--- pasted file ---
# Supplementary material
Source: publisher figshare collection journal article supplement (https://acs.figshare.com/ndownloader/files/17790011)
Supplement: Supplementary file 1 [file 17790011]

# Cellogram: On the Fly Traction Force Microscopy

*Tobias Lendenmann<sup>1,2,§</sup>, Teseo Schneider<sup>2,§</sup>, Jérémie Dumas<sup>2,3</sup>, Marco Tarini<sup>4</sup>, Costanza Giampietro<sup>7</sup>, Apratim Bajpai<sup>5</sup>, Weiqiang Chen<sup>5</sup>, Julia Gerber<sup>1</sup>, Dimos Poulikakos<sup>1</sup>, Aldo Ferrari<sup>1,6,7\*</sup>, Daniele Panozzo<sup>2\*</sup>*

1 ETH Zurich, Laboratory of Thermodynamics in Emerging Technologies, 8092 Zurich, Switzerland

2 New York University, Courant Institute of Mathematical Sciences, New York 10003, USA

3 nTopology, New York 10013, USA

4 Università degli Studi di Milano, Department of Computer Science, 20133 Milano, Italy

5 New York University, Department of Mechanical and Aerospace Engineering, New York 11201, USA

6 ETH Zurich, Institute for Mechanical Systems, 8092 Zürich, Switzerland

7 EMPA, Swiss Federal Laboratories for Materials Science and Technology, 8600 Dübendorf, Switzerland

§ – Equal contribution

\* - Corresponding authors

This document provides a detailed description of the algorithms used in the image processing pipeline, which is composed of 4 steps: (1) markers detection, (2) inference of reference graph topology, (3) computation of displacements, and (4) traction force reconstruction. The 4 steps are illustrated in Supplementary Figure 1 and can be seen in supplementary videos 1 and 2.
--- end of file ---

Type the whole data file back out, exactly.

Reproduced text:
# Supplementary material
Source: publisher figshare collection journal article supplement (https://acs.figshare.com/ndownloader/files/17790011)
Supplement: Supplementary file 1 [file 17790011]

# Cellogram: On the Fly Traction Force Microscopy

*Tobias Lendenmann<sup>1,2,§</sup>, Teseo Schneider<sup>2,§</sup>, Jérémie Dumas<sup>2,3</sup>, Marco Tarini<sup>4</sup>, Costanza Giampietro<sup>7</sup>, Apratim Bajpai<sup>5</sup>, Weiqiang Chen<sup>5</sup>, Julia Gerber<sup>1</sup>, Dimos Poulikakos<sup>1</sup>, Aldo Ferrari<sup>1,6,7\*</sup>, Daniele Panozzo<sup>2\*</sup>*

1 ETH Zurich, Laboratory of Thermodynamics in Emerging Technologies, 8092 Zurich, Switzerland

2 New York University, Courant Institute of Mathematical Sciences, New York 10003, USA

3 nTopology, New York 10013, USA

4 Università degli Studi di Milano, Department of Computer Science, 20133 Milano, Italy

5 New York University, Department of Mechanical and Aerospace Engineering, New York 11201, USA

6 ETH Zurich, Institute for Mechanical Systems, 8092 Zürich, Switzerland

7 EMPA, Swiss Federal Laboratories for Materials Science and Technology, 8600 Dübendorf, Switzerland

§ – Equal contribution

\* - Corresponding authors

This document provides a detailed description of the algorithms used in the image processing pipeline, which is composed of 4 steps: (1) markers detection, (2) inference of reference graph topology, (3) computation of displacements, and (4) traction force reconstruction. The 4 steps are illustrated in Supplementary Figure 1 and can be seen in supplementary videos 1 and 2.